CBT for Adults
How can I benefit from Cognitive Behavior Therapy (CBT)?
Cognitive Behavior Therapy (CBT) can help you understand the thoughts and feelings that influence your behaviors and is particularly effective helping people change thoughts, feelings and behaviors that result in depression and anxiety.
What should I expect?
During your first few sessions, your therapist will typically gather information about you and determine what concerns you’d like to work on in order to determine the best course of action.
Cognitive-behavioral therapy generally focuses on specific problems, using a goal-oriented approach. As you go through the therapy process, your therapist will ask you to do “homework” — activities, reading or practices that build on what you learn during your regular therapy sessions — and encourage you to apply what you’re learning in your daily life.
Steps in cognitive behavioral therapy
Cognitive behavioral therapy typically includes these steps:
Identify troubling situations or conditions in your life. These may include such issues as a medical condition, divorce, grief, anger or symptoms of a mental illness. You and your therapist may spend some time deciding what problems and goals you want to focus on.
Become aware of your thoughts, emotions and beliefs about these situations or conditions. Once you’ve identified the problems you want to work on, your therapist will encourage you to share your thoughts about them. This may include observing what you tell yourself about an experience (your “self-talk”), your interpretation of the meaning of a situation, and your beliefs about yourself, other people and events. Your therapist may suggest that you keep a journal of your thoughts.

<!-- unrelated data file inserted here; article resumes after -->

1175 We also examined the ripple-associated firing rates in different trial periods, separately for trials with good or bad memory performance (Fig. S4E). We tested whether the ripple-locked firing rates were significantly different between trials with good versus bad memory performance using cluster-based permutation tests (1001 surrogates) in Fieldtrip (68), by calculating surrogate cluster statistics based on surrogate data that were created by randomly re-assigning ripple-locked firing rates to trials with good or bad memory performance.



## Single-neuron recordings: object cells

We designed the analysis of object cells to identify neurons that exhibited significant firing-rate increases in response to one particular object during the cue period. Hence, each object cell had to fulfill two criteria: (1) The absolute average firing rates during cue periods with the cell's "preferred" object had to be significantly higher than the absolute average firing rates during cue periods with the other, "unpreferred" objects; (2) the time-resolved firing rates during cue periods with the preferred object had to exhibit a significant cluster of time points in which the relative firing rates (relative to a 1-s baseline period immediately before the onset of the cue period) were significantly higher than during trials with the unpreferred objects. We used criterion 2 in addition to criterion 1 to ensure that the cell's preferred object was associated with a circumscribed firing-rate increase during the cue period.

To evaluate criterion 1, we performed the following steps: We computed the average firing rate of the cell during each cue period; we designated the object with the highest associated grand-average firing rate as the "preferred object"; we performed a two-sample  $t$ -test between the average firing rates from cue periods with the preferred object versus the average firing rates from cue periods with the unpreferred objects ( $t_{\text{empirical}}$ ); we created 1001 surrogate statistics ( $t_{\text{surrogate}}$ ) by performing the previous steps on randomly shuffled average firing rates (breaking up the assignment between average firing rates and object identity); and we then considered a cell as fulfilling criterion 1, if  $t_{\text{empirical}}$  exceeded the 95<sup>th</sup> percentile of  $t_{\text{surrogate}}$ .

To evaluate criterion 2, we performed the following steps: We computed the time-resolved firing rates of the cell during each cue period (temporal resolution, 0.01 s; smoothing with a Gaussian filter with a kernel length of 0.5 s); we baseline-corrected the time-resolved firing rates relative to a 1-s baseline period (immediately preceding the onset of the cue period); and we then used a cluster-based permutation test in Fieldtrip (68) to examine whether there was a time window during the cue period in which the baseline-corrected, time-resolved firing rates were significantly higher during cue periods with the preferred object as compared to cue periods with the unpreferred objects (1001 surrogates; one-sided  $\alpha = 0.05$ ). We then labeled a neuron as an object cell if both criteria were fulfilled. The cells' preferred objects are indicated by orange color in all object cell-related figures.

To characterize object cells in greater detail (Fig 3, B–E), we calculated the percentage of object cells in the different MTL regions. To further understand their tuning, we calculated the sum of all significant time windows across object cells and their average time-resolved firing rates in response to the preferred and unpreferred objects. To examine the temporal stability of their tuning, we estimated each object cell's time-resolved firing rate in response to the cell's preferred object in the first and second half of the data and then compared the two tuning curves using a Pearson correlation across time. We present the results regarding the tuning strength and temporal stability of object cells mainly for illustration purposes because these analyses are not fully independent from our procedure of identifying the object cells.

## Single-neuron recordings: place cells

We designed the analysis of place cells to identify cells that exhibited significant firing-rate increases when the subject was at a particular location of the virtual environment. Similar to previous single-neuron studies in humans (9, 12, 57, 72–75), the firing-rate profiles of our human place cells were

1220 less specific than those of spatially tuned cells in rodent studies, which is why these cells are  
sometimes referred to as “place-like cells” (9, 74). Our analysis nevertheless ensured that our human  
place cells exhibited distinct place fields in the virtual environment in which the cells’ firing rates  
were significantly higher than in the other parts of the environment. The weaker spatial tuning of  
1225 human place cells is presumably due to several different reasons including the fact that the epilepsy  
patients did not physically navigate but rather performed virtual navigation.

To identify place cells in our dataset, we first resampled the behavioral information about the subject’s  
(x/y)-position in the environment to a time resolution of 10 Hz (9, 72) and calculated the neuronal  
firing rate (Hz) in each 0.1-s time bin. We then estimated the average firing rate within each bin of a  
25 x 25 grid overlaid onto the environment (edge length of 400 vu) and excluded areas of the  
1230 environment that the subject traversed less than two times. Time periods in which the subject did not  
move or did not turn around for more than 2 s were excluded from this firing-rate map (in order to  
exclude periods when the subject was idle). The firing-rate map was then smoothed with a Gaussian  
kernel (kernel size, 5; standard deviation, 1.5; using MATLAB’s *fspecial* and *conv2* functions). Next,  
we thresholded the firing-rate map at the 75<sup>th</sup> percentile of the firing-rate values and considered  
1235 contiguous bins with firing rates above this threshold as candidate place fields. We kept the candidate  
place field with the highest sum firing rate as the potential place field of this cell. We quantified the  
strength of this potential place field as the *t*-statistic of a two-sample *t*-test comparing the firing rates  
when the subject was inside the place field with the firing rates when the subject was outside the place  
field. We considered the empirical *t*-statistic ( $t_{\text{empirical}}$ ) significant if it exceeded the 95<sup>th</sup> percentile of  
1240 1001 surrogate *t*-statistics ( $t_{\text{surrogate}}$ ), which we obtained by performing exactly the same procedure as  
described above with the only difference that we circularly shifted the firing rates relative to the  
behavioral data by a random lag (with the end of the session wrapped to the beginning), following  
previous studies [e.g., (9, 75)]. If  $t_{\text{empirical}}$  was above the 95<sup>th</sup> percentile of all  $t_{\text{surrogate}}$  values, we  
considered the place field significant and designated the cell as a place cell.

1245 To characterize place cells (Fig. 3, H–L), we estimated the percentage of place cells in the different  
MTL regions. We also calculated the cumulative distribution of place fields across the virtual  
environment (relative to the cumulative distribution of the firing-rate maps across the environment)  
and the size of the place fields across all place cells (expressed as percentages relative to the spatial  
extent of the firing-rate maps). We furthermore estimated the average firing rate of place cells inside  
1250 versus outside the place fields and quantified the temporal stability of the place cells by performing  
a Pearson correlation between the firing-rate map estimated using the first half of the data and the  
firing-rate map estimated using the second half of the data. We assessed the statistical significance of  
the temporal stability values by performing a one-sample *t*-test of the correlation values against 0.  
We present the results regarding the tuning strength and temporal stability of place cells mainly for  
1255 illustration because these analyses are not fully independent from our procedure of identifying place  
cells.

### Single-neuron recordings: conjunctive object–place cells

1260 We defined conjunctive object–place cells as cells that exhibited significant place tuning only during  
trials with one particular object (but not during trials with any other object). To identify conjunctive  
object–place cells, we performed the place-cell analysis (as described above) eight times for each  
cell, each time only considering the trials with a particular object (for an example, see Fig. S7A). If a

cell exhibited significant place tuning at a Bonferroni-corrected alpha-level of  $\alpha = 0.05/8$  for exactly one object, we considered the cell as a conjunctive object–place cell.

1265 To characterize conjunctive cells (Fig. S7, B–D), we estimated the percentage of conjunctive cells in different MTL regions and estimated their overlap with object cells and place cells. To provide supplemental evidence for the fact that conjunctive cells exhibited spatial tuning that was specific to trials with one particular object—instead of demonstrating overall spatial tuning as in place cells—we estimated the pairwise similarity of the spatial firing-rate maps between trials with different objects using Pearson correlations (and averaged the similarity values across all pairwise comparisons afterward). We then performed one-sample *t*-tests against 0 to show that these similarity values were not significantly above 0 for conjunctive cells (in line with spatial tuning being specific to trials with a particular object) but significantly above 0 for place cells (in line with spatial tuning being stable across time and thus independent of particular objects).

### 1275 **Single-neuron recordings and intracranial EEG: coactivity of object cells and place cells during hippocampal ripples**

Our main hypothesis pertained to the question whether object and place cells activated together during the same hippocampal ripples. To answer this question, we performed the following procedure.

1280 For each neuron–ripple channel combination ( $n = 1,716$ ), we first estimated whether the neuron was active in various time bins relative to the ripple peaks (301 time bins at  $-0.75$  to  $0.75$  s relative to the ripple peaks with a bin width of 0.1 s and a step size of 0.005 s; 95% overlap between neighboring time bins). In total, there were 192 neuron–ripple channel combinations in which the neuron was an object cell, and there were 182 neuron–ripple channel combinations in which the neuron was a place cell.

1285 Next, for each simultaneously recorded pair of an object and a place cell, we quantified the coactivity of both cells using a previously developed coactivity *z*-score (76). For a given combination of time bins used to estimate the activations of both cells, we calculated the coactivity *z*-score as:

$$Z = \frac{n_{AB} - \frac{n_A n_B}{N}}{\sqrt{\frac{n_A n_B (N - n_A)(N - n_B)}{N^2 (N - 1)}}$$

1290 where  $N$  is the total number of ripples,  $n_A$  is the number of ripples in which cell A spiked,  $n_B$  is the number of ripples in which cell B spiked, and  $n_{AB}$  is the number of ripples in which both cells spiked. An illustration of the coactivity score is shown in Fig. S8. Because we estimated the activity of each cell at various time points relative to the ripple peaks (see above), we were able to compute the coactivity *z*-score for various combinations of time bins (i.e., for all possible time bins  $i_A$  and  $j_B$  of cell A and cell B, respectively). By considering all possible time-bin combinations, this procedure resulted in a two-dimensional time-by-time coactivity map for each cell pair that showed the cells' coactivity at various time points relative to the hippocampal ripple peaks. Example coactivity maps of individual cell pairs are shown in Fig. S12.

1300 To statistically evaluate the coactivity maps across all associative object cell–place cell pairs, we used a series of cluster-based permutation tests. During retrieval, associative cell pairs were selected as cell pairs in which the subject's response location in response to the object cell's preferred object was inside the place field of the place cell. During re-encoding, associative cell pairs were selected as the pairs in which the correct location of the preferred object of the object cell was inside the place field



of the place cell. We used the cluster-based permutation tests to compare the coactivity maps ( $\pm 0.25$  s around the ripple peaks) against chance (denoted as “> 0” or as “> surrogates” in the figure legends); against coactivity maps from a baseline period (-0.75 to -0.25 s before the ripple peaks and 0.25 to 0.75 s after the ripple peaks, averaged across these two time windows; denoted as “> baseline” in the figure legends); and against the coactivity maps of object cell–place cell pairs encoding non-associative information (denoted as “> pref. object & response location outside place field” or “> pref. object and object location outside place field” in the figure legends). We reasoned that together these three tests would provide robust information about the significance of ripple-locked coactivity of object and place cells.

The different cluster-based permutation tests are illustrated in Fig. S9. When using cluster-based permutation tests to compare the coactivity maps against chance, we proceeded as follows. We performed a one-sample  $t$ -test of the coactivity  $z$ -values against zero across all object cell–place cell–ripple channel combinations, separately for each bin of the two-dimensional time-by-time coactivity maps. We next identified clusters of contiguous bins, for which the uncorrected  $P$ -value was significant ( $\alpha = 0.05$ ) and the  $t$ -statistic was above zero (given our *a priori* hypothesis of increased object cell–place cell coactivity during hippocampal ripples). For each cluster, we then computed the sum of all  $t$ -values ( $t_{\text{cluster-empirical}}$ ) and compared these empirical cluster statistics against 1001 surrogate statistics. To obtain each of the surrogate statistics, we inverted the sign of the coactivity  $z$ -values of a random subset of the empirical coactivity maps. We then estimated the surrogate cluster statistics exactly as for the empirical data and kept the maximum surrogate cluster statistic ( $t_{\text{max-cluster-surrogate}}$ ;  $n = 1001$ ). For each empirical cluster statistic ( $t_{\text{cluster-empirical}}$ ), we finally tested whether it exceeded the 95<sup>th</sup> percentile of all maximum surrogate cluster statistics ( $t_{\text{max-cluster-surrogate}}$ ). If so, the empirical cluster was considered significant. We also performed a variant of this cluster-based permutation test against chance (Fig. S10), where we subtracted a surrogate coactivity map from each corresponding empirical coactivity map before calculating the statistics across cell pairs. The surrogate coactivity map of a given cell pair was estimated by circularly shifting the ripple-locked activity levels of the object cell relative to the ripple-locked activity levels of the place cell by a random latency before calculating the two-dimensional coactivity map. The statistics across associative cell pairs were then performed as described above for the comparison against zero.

Identify negative or inaccurate thinking. To help you recognize patterns of thinking and behavior that may be contributing to your problem, your therapist may ask you to pay attention to your physical, emotional and behavioral responses in different situations.
Challenge negative or inaccurate thinking. Your therapist will likely encourage you to ask yourself whether your view of a situation is based on fact or on an inaccurate perception of what’s going on. This step can be difficult. You may have long-standing ways of thinking about your life and yourself. With practice, helpful thinking and behavior patterns will become a habit and won’t take as much effort.
Cognitive behavioral therapy is generally considered short-term therapy — about 10 to 20 sessions. You and your therapist can discuss how many sessions may be right for you. Factors to consider include:
- The type of disorder or situation
- The severity of your symptoms
- How long you have had your symptoms or have been dealing with your situation
- How quickly you make progress
- How much stress you’re experiencing
- How much support you receive from family members and other people